We all wish maintaining traditional forms of worship and religious service were easier than it is. Most houses of worship are feeling the financial pinch of this economy. Visitors and new members trickle rather than pour in. But our job is to be faithful, not successful; our job is to be open, to be warm, welcoming and embracing those who come our way. And for more moderate houses of worship, like the one I serve, this just may be a golden opportunity to practice and invite others to consider what author and teacher Brian McClaren calls "a new kind of Christianity" - a biblically and spiritually serious faith, yet one also open to God's truth wherever it may be found - inside and outside the confines of 'that old time religion'.

I believe that the best hope for the future of Christianity lies precisely in this new kind of Christian!

Perhaps we should say, with Mark Twain: "The rumors of our death have been greatly exaggerated..."

Rick

Tuesday, October 9, 2012

"Nones" on the Bus

According to the results of the latest study just released by the Pew Forum on Religion and Public Life, Protestantism is in trouble. As they say out in the world of retail, our "market share" has been shrinking from roughly 66% of the US population in the 1960's, to 53% in 2007, down to the latest figure of 48%. Pollsters and social scientists have dubbed these members of the church alumni association as "nones". No, that is not a mispelling of the female Catholic religious who are currently battling the Catholic hierarchy. It refers to the fact that the majority of those who have been leaving Protestantism are not going anywhere else, they are just disappearing from the landscape of organized religion and simply identifying themselves as no longer having a religious preference. While we remain a predominantly Protestant country (22% Roman Catholic), we have slipped below the majority 50% line for the first time in our history.

As of this point in time, just under 20% of Americans claim no religious identity. As the front page article in today's "USA Today" puts it, "This group, called 'Nones,', is now the nation's second-largest category after Catholics, and outnumbers the top Protestant denomination, the Southern Baptists. The shift is a significant cultural, religious and even political change". So now the second largest religious grouping-denomination?- in America now consists of those who have left behind whatever religious upbringing or connection they once may have had.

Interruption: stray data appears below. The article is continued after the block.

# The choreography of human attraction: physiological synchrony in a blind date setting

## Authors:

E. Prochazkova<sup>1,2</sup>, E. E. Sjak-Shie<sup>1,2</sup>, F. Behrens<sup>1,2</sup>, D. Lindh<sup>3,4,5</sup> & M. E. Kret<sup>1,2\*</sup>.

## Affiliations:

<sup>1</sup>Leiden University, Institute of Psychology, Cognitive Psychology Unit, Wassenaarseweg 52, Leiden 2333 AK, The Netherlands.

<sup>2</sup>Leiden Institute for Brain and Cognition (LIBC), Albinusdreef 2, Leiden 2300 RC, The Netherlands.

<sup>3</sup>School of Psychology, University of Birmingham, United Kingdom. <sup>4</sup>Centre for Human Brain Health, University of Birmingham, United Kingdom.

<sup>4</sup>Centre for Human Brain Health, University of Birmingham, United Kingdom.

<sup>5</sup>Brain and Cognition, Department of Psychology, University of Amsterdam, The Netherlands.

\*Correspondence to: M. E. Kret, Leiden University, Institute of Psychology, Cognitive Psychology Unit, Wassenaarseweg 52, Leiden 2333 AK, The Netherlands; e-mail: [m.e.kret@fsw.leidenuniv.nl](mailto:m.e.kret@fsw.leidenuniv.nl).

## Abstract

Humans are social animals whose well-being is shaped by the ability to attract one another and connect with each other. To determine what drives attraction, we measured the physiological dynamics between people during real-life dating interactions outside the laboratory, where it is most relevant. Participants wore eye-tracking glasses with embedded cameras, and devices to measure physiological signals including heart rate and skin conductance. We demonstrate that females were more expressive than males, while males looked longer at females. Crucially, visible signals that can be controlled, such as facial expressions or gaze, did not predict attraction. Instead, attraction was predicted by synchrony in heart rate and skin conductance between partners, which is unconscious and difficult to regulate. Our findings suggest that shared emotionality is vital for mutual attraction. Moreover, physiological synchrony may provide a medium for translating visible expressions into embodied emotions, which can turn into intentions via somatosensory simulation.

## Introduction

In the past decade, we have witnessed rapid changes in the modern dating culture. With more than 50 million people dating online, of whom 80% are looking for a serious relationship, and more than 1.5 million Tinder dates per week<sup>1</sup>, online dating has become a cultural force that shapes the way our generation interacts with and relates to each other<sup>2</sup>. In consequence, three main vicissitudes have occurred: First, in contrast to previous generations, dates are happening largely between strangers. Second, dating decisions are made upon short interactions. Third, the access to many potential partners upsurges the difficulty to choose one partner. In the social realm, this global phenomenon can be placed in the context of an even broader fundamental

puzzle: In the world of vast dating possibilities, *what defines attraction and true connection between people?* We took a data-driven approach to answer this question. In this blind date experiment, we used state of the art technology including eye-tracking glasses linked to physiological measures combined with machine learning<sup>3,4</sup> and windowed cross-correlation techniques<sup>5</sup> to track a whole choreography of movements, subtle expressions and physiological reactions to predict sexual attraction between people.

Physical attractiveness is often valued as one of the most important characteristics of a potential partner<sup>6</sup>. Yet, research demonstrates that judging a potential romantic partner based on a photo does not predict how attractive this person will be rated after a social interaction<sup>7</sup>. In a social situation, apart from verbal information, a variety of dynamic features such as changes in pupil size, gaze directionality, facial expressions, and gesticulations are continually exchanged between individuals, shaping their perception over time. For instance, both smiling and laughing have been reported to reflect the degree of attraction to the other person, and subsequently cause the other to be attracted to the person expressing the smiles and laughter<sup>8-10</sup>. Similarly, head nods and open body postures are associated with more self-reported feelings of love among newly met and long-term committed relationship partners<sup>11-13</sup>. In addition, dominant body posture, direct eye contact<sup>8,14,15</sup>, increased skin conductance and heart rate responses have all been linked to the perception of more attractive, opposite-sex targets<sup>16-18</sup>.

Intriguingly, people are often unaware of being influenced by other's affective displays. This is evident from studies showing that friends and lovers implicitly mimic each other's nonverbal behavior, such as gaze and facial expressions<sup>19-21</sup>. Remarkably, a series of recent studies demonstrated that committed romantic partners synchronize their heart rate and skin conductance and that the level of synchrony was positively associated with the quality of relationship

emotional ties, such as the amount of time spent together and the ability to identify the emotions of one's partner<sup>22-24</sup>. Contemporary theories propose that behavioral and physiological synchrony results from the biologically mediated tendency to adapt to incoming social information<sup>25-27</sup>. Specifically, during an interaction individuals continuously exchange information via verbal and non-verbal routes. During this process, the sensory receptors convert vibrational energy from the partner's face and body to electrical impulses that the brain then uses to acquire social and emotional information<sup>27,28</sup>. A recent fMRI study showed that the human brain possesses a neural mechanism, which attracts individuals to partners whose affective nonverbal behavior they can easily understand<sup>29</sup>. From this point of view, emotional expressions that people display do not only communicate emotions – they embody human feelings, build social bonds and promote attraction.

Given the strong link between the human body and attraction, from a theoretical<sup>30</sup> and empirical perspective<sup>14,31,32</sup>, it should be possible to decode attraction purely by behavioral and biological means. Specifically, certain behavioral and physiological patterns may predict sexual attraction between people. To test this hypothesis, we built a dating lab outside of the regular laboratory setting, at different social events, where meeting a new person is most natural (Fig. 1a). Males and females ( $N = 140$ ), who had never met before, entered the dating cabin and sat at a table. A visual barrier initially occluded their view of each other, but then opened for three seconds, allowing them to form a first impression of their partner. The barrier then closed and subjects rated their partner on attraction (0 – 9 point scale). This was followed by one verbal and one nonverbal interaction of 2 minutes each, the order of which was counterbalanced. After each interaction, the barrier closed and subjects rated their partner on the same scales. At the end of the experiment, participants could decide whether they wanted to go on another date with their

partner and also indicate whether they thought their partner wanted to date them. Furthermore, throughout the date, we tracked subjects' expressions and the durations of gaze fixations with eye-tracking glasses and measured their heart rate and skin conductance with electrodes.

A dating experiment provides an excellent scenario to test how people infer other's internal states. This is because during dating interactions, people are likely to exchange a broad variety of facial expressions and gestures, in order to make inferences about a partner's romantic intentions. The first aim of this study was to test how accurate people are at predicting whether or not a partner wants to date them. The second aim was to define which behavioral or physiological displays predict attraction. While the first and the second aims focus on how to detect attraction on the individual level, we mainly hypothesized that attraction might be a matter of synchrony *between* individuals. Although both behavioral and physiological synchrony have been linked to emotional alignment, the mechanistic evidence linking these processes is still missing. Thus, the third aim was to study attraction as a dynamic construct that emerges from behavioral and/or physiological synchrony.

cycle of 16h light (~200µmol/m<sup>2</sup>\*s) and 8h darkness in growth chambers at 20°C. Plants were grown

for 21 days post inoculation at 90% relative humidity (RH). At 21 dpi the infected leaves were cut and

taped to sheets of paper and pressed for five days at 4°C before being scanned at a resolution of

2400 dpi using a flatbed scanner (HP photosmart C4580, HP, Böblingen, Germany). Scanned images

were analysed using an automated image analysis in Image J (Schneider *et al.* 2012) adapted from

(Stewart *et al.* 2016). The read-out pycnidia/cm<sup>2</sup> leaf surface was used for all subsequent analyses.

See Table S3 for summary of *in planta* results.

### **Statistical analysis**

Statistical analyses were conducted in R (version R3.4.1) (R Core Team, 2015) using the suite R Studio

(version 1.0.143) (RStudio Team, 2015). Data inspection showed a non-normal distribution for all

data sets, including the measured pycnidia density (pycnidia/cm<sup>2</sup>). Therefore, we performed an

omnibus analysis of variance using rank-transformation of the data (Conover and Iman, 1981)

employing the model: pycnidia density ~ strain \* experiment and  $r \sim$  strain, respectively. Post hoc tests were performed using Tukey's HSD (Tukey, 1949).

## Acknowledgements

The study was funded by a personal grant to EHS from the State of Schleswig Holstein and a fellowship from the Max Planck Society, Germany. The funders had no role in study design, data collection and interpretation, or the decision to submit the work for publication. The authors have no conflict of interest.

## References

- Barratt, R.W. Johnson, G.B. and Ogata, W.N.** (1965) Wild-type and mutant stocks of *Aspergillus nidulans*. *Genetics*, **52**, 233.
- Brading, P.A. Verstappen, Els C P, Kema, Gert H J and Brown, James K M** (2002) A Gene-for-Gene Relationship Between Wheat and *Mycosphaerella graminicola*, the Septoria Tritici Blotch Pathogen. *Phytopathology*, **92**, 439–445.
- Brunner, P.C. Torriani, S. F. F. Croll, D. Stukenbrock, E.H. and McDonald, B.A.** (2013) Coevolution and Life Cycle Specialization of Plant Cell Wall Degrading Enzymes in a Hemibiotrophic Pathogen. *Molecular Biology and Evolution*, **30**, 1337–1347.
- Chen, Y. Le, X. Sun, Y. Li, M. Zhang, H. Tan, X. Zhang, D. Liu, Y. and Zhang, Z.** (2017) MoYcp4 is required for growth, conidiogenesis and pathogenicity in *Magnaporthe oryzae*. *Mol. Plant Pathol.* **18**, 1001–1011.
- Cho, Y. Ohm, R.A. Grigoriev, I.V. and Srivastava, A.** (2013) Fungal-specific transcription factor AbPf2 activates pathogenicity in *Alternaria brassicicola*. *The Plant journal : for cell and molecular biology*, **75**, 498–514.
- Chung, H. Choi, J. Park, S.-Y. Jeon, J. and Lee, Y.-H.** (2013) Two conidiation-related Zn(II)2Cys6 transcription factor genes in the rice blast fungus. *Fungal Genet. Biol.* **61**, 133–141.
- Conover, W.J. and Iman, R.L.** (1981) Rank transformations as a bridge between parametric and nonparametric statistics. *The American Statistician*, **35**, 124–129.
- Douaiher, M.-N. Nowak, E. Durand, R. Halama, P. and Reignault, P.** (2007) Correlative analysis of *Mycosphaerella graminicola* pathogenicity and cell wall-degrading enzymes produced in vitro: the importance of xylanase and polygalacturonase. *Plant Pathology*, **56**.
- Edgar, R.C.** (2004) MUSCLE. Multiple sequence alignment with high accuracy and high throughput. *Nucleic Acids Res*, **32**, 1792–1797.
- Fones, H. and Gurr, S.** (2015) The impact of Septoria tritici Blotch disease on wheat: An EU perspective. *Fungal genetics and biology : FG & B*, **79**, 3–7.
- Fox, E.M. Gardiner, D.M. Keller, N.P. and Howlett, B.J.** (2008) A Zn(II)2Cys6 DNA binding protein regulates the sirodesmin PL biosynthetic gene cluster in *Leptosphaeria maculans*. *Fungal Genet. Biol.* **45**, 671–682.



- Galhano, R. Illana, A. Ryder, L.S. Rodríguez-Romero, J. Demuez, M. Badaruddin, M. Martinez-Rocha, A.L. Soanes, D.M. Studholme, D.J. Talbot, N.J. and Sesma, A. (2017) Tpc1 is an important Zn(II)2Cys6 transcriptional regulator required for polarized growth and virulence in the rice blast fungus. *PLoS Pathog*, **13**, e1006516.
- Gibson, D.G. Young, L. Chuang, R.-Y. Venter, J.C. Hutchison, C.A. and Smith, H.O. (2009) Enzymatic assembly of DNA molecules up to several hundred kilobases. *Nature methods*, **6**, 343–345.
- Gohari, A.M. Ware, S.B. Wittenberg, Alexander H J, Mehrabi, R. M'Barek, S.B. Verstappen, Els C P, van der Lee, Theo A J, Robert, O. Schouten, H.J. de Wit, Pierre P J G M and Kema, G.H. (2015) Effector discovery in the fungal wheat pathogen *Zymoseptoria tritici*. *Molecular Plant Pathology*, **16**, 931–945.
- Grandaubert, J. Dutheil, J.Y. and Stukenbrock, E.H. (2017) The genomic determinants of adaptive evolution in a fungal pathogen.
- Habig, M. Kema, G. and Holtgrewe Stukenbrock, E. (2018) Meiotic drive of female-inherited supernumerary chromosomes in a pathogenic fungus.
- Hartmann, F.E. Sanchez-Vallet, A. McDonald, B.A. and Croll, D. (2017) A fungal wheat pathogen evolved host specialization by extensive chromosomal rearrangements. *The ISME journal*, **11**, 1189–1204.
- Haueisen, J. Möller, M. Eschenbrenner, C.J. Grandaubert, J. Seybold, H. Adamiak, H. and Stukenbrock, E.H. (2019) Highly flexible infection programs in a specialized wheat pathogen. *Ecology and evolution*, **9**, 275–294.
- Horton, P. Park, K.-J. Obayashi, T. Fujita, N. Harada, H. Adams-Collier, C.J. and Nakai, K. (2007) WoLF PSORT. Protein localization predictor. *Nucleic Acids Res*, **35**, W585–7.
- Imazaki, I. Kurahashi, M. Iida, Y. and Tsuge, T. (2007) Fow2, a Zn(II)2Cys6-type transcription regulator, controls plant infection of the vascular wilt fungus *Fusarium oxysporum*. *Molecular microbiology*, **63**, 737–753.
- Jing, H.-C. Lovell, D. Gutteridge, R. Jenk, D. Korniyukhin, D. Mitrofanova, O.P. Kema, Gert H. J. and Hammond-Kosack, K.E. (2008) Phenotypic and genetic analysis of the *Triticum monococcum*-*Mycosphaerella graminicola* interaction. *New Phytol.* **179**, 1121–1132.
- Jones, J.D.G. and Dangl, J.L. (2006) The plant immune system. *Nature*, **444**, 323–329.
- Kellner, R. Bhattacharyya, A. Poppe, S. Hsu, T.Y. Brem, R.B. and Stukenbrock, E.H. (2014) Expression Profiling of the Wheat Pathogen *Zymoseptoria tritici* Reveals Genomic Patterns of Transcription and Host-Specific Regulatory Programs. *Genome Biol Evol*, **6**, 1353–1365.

What should we think of this trend? What can churches do to stem the tide of folks drifting from their previous religious affiliations? What does this say about the future of Christianity in America? How have we allowed ourselves to become irrelevent to this increasingly large number of 'nones', who now worship at such shrines as The Church of Starbucks or, if they are Catholic, Our Lady of the Satin Sheets? Is there a silver lining to this trend?

I'll give it some more thought and get back to you.

Rick

Tuesday, October 2, 2012

"Hallowed be thy name..."

Here at UPC we are currently working our way through the Ten Commandments in sunday worship. Last sunday we were up to number 3, which in our New Revised Standard Version reads, "You shall not make wrongful use of the name of the LORD your God, for the LORD will not acquit anyone who misuses his name". The more well-known version is probably the one found in the King James Bible: "Thou shalt not take the name of the LORD thy God in vain". And for the texting generation, someone has "translated" the Ten Commandments into text-speak, where the third commandment reads, simple, "No OMGs!".

Taking the Lord's name in vain or misusing it can surely take many forms, including the use of the word 'God' in swearing or cursing. A church sign like the following, "God's Last Name is Not Damn" probably captures what many if not most people believe this third commandment prohibits.

While that is surely part of it, I think this commandment has bigger fish to fry than simply prohibiting swearing and cursing. In fact, I think there are far greater violations of misusing or making wrongful use of God's name.

For example consider popular radio and TV preachers who preach a "prosperity gospel" promising that God's best life for them, God's plan for them is to bless them with abundance, with goods, with wealth, if only they have enough faith. Yes, Jesus did have much to say about wealth and possessions, but most of it wasn't very favorable. Consider other popular public religious figures who have gone on record claiming that tragic events like 9/11 or natural diasters like Hurricane Katrina and the Haitian earthquake are in some way divine judgement for sin. How do they know this and upon what basis do they pontificate? Or consider politicians who take advantage of the deep-seated religiousity of the American people by appealing to the Almighty in support of their programs, politicies or party. These kinds of things are blatant misuse, if not actual abuse of God's name, for self-serving purposes. None of these declarations can ever be substantiated and most often only distort the scriptural record. Does the GOP stand for "God's Own Party" simply because they pepper their party platform with invocations of deity?

I think God finds this kind of bizarre God-talk much more serious infractions against the third commandment than the proverbial "swearing like a sailor". They certainly do more damage to the body politic and to the faith which we profess.

In a culture awash in God-talk, most of it meaningless, perhaps "less is more". Then when we do bring the name of God to our lips - carefully, reverently, it will actually mean something. Surely that would be appropriate for those whom Jesus taught to pray, "hallowed be thy name..."